Define your goals: Take charge and ask yourself, “What can I do to make this (or something else) better?” In other words, don’t be a sad victim. Do you want more control over your calendar orpractice management? Call LOMAP. Do you want more energy? Join a gym. Do you want a better relationship with your spouse? Talk (and listen) with him/her about it. Do you want to learn to deal with stress? Call LCL. These self-empowering steps help defeat depression. And when it comes to the holidays, ask yourself what you can do to make it a little happier for yourself and others. And, then, act.

Yes, act! A symptom of depression is helplessness. But helplessness is an illusion, often quite a persuasive or seductive one, but still an illusion. The truth is, if we’re willing, we can all dodge
that sense of defeat by exerting some control over our own lives. (Trying to change someone else is a futile substitute, guaranteed to fail and increase misery.) Acting in our own behalf often involves maintaining a determined attitude, and may require the use of various sources of support such as family, friends, your spiritual community, or LCL.

Take care of yourself, personally and professionally: Respect yourself by taking care of yourself, and you will enjoy better mental and physical health. When you treat yourself with respect, others are likely to do the same. We all know what good self-care means: eat nutritious food and avoid the more available junk food – but enjoy the holiday treats within reason. Sleep – at least 7 hours a day, more if necessary or possible, and take a mid-afternoon nap. Read a good book, take a walk in the woods, have breakfast with friends, go for a run, drop a bad client, or take your spouse to the movies.

Laugh: Especially at yourself. Resist taking things too seriously. Humor doesn’t mean you don’t take your work seriously; it just acknowledges a wider perspective. Keep the funny bone in gear so the kid inside can come out to play when the time right, be goofy even, have some belly laughs; it refreshes both the brain and the spirit and wards off depression. The people you make laugh will always be happy to see you coming.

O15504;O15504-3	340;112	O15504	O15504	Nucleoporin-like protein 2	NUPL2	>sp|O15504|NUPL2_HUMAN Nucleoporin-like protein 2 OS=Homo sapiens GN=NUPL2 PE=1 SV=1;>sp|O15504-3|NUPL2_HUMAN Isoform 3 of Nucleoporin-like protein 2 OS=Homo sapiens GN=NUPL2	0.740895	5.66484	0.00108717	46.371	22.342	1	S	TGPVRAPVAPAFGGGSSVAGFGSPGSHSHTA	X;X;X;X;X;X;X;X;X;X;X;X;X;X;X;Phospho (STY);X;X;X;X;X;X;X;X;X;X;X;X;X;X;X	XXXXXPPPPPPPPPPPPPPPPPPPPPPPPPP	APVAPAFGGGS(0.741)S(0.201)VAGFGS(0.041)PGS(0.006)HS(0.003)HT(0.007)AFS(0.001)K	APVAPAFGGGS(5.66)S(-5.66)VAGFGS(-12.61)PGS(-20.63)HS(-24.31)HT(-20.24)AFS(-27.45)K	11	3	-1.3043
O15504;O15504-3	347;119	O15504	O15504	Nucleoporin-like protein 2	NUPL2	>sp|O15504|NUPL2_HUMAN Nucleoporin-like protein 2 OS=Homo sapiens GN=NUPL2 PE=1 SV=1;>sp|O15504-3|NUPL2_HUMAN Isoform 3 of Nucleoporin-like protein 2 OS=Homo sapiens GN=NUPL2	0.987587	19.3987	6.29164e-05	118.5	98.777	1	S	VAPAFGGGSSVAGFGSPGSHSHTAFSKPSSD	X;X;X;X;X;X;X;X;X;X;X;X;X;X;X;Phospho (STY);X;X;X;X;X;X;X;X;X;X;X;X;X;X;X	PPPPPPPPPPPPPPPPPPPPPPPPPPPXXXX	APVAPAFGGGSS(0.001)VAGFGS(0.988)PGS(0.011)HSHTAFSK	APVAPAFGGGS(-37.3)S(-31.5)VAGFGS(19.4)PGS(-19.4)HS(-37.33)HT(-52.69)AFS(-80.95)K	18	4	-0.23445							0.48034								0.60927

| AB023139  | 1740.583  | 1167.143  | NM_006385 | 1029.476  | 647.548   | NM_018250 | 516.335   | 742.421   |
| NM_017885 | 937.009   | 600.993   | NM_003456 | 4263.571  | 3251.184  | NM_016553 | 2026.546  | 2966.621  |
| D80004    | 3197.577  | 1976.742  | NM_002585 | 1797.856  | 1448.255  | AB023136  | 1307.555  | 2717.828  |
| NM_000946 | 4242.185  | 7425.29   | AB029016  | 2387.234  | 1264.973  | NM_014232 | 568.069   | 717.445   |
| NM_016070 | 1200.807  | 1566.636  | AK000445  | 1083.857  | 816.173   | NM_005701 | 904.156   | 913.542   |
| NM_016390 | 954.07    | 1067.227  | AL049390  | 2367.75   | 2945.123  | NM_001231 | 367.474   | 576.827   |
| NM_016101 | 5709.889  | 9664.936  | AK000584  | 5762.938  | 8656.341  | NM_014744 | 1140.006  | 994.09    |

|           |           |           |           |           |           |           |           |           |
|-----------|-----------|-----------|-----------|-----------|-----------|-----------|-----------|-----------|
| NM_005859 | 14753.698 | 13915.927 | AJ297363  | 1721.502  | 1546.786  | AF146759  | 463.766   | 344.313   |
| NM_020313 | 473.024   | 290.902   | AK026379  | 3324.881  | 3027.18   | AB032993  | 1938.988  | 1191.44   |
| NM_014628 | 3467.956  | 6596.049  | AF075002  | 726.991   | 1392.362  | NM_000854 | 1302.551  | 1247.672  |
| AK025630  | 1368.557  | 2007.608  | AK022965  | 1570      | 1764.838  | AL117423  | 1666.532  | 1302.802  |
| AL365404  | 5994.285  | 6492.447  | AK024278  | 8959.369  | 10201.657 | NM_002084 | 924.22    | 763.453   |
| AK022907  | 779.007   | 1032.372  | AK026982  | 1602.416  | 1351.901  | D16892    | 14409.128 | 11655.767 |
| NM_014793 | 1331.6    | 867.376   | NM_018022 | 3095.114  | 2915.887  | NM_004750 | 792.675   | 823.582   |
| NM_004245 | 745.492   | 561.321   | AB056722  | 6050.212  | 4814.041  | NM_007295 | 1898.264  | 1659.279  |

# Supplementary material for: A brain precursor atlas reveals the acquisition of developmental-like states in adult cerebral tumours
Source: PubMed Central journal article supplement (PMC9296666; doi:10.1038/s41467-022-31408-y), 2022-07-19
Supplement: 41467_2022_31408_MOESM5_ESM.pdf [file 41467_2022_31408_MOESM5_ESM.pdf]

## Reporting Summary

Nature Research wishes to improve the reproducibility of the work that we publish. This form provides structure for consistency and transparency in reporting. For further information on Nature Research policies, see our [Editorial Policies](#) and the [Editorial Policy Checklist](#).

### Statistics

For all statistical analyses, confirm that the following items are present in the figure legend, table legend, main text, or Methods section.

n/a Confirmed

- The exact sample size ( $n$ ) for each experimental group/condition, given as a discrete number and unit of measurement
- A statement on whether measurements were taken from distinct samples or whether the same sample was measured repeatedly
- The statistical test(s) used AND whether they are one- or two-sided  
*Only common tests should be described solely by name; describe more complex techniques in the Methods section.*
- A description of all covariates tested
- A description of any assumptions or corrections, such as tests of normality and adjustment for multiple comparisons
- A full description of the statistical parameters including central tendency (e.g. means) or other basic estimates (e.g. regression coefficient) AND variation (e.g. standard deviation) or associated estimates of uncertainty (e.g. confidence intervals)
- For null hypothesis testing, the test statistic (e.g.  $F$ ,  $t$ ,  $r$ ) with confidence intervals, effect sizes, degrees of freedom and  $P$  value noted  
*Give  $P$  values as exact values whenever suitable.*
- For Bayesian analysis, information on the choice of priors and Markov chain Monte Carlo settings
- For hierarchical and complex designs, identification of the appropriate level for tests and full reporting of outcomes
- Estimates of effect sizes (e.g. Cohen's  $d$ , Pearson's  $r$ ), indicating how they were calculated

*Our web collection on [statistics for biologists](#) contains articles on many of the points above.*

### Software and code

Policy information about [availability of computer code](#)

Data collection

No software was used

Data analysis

Plan a vacation: It does not have to be the extravagant trip of a lifetime, although it can be, but plan your vacation time. (If you lack a travel companion, join a tour, or a club; then you’ll have many.) And don’t underestimate the value of one-minute vacations: close your eyes, relax your body, and envision yourself doing what you love. As with laughter, envisioning doing something, or being somewhere you adore refreshes mind and body and can lead to action that turns it into reality. If you can allow yourself to take a vacation.

Adjust your expectations: As a group, lawyers tend to enjoy challenges and set high expectations for themselves, especially at work. For some, seductive financial rewards for unreasonable productivity demands serve to reinforce a potentially destructive imbalance. This is a good time of year to re-evaluate priorities in favor of that which enhances year-’round peace and harmony in both spheres of life – professional and personal, work and love. (Of course, such re-balancing acts can represent a major change and must be carefully thought out, and discussed and planned in conjunction with others who would be affected, maybe even feel threatened, by them.) Balance helps create the conditions for health and happiness.

Change one thing: As creatures of habit and routine, we all know how tough change can be. It’s best to start slow and let the momentum build. Choose just one thing that you can realistically do differently. Consider what will have to shift (Fewer clients? Less TV? Making your own lunch to pay for housecleaning, a babysitter, gym membership? Less complaining?), and evaluate your willingness to make them. Journal your efforts, slips and progress. Keep visual reminders everywhere (write on your bathroom mirror, car windshield, or refrigerator). Enlist the support of a friend, consultant, or counselor to hold you accountable to your intention. Incremental changes are more likely to become habitual. Taking charge of one’s own life is empowering and confidence building and counteracts depression.

Finally, compassionate and good-humored self-acceptance greatly enhances our capacity for genuine enjoyment of ourselves and of others. A healthy, reality-based love of self, warts and all, generates and attracts more love. And love always partners with happiness.